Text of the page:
Borneo suckers are generally peaceful and interactive. They are mostly seen clinging tightly to large rocks in the tank— either relaxing or consuming algae growing on them. Other times, they may be found lying around or climbing the tank glass.
Also, the male Borneo suckers may engage in tussles but actual harm rarely occurs during such bouts.
In the wild, Gastromyzon spp. exist in clusters, so you should try to replicate such grouping by stocking at least 4 specimens. They are interesting and more fun to watch when they socially interact with one another.
They are also very shy and can to hide behind the filer media, decorations, plants, etc.
- Social: Yes
- Active: Yes
- Peaceful: Yes
Feeding Borneo Suckers
Borneo suckers are active algae grazers. They are always on the lookout for benthic algae and biofilm on rocks and other solid surfaces, and this makes up a huge percentage of their natural diet. According to the experiments, they rapidly abandon rocks with reduced algal cover.
In captivity, you can provide meaty foods occasionally to supplement their diet, food options in this category include:
- live or frozen bloodworm,
- vitamin-enriched brine shrimp,
- veggies like blanched spinach, cucumber, and lastly, spirulina.
Ensure that their diet does not contain high amounts of protein to prevent health problems.
The abundance of rich biofilm and algae in a mature aquarium will spare you from sourcing other food items.
Moreover, avoid wiping off algae from the tank walls; except it is growing on the front glass. Be sure to tone up the light intensity and dose the water with fertilizer regularly to promote algae bloom on surfaces, alternatively, one can set up a separate container in a sunlit spot to grow algae on rocks and these can be introduced into the tank later on.
- Diet Type: Omnivore
- Food Preference: Algae and biofilm
- Feeding Frequency: Daily
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Borneo Suckers and Feeding Tip
Some aquarists complain that their Borneo Suckers have a hard time finding the food. I mean it can take them some time before they recognize that algae wafers or blanched vegetables are also good to eat.
If you have the same problem, you can grow algae in a separate bowl.
- You need some kind of transparent container (large soda bottle, spare tank, etc.).
- Fill it with water. Use the water that comes from water changes.
- Put there a lot of small rocks like marble chips and ceramic filter media (The rocks should be clean and aquarium safe, of course).
- Place it next to strong light. Ideally – 24/7.
- To boost growth, you can use any fertilizer to grow plants in a tank.
- Using an airstone will also increase algae growth as well.
- Once you see that rocks are turning green, take a few a place them in the tank to feed
- Return the rocks to the container when they are clean.
At the same time, keep giving them algae wafers and vegetables. Give them time to learn that this can be a food source for them.
There are some reports that Borneo Suckers really like Repashy Soilent Green (check the price on Amazon).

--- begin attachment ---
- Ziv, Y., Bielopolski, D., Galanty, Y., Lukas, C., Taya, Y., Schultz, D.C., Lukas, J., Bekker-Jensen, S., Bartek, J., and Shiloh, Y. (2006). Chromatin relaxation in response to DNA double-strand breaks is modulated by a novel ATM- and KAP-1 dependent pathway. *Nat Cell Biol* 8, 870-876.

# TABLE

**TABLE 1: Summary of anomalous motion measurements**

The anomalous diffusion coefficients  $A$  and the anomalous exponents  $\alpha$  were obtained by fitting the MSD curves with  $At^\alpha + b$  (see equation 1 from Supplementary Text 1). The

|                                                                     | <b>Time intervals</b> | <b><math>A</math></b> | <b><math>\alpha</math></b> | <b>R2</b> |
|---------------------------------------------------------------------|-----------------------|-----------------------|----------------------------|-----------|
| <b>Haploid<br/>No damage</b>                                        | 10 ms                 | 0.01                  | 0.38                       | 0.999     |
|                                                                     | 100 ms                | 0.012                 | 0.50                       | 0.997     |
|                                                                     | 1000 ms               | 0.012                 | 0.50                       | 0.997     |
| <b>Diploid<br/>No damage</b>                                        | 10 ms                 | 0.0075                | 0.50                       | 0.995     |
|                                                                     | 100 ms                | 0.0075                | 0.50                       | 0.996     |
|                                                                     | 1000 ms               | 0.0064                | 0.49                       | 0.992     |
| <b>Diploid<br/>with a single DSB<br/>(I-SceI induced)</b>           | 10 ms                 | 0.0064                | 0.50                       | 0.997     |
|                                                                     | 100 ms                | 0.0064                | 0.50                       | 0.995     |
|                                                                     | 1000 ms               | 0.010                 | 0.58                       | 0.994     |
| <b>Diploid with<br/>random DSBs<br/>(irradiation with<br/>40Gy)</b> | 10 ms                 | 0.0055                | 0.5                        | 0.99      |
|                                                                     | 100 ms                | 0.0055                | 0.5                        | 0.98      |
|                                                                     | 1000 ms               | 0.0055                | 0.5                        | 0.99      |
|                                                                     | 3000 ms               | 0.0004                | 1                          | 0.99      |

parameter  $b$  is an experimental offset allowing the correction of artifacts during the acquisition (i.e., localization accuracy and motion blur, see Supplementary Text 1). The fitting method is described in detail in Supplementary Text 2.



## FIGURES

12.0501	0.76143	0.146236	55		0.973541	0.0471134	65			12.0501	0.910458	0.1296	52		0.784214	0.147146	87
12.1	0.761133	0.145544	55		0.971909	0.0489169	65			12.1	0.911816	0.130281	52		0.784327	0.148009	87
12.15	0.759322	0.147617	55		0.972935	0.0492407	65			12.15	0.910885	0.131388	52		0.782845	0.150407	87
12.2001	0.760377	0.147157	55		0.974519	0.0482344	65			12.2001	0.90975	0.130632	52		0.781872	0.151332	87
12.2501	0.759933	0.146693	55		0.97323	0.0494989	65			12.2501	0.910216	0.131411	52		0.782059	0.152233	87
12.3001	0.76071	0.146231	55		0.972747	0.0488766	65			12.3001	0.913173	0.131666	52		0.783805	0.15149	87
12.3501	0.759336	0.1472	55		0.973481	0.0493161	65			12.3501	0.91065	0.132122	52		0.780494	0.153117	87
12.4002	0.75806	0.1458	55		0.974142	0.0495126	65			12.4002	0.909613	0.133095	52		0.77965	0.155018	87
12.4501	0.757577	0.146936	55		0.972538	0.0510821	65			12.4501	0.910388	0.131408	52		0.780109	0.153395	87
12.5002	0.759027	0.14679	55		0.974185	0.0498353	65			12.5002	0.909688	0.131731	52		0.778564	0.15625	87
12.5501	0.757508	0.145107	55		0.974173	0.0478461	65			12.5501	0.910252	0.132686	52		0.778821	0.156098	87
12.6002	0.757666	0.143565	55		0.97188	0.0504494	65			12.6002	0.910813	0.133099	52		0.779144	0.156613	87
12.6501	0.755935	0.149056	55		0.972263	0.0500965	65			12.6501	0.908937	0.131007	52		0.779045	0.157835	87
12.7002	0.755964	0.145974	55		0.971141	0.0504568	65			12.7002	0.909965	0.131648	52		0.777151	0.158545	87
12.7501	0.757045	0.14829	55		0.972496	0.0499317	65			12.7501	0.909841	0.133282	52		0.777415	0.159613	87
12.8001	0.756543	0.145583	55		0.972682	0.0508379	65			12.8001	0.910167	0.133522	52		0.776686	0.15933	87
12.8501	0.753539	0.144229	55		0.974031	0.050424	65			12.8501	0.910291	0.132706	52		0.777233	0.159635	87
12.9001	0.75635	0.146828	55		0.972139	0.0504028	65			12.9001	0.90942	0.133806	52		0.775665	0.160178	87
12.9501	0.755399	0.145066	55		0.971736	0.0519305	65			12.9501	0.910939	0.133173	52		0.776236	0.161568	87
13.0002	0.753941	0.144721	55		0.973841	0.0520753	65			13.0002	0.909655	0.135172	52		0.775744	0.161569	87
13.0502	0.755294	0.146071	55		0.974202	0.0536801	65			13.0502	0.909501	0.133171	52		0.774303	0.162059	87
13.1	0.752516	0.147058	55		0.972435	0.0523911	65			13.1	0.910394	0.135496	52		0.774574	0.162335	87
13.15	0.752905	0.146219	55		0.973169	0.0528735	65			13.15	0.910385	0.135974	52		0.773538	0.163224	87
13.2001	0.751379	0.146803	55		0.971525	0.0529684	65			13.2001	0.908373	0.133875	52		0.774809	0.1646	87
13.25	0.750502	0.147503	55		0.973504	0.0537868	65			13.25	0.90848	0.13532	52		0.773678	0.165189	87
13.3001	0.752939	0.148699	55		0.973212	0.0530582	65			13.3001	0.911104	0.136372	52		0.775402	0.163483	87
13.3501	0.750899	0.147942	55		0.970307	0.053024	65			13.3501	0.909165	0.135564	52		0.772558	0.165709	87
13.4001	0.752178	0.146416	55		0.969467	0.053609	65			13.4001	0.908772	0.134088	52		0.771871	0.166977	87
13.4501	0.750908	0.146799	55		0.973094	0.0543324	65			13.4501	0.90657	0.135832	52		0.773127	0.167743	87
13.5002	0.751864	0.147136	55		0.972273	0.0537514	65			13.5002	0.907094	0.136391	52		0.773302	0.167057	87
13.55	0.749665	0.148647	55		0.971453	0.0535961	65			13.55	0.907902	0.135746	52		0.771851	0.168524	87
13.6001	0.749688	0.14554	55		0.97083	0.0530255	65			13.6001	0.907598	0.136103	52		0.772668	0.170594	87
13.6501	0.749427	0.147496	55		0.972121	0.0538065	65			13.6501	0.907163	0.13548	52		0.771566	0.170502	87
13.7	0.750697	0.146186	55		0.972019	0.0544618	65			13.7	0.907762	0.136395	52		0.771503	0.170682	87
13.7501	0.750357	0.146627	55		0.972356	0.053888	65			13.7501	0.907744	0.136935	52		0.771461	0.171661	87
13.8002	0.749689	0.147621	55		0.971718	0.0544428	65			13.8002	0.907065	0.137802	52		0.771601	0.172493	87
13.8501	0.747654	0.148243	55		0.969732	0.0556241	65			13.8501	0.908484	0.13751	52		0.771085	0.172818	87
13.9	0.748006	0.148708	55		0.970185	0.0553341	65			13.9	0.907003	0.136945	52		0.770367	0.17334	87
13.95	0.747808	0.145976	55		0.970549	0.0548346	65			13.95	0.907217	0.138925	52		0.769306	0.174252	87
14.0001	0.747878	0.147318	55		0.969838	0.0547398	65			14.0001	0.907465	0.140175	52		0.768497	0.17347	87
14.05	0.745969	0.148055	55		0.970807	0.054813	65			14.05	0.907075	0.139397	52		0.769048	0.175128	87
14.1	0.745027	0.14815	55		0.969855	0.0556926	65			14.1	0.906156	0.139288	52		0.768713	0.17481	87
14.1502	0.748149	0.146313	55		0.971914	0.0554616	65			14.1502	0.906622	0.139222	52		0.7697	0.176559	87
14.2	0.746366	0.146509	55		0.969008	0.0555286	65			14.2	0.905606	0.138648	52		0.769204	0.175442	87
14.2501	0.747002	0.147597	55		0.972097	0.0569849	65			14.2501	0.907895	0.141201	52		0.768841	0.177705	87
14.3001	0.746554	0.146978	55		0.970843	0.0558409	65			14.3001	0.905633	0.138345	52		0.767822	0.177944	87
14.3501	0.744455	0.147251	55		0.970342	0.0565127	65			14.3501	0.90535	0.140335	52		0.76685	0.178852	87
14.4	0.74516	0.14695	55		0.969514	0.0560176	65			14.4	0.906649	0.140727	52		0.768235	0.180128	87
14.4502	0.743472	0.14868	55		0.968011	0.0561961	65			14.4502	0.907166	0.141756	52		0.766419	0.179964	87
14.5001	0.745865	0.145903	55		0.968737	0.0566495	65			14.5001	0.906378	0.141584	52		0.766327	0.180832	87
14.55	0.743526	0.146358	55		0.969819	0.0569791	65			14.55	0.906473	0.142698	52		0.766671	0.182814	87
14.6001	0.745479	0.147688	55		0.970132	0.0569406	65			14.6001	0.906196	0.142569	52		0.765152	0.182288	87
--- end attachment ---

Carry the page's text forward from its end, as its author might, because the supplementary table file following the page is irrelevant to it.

Tank Requirements and Water Parameters
The minimum recommended tank size for housing a single Borneo sucker is 10 gallons (~40 L), however, for about 4 specimens you will need a 20-gallon (80 L) tank or more.
Make sure to cover the top with a tight-fitting lid because the fish is capable of climbing the tank glass.
Temperature: The fish prefer water temperature in the range of 18 °C – 25 °C (65 °F – 77 °F). It can tolerate warmer temperatures but that will decrease the levels of dissolved oxygen. Color fading is a sign that water is too warm for them.
pH: Keep the pH between 6.5 – 8.0 for optimal growth and good health of your fish.
Hardness: Water hardness should be in the range of 2 – 15 dGH, they do not enjoy hard water conditions.
Light is not important for the Borneo suckers. However, lighting is a necessity if you want to encourage the growth of plants and algae on the rocks and other decors present in the tank. In this case, the lighting needs to be bright enough.
The substrate can either be sand or smooth gravel or a mixture of both. Make sure to add rocks— water-worn rocks preferably, and cobbles of varying sizes.
A mixture of substrates will help attain a more natural and visually appealing look. However, avoid sharp or rough substrates that can damage their bodies.
A powerful filtration system needs to be in place to properly aerate the aquarium water and guarantee a high level of oxygenation.
External canister filters with spray bars (for surface agitation) may serve for this purpose, otherwise, additional powerheads can be installed to provide adequate flow and oxygenation of the water.
Moreover, you should aim for a total turnover rate of between 10 – 15 times per hour. Lastly, air stones can equally be added to the tank for more oxygenation.
Be careful, low oxygen in aquarium water can cause lots of problems to your fish. You can read more about it in my article.
In the natural ecosystem, Borneo suckers inhabit rivers and streams where the current is so fast that potential competitors would be washed away. That is why Hillstream loaches have evolved adaptations to stick to the bottom.
Therefore, fast water currents are recommended for tanks housing these fishes.
Plants and Decorations: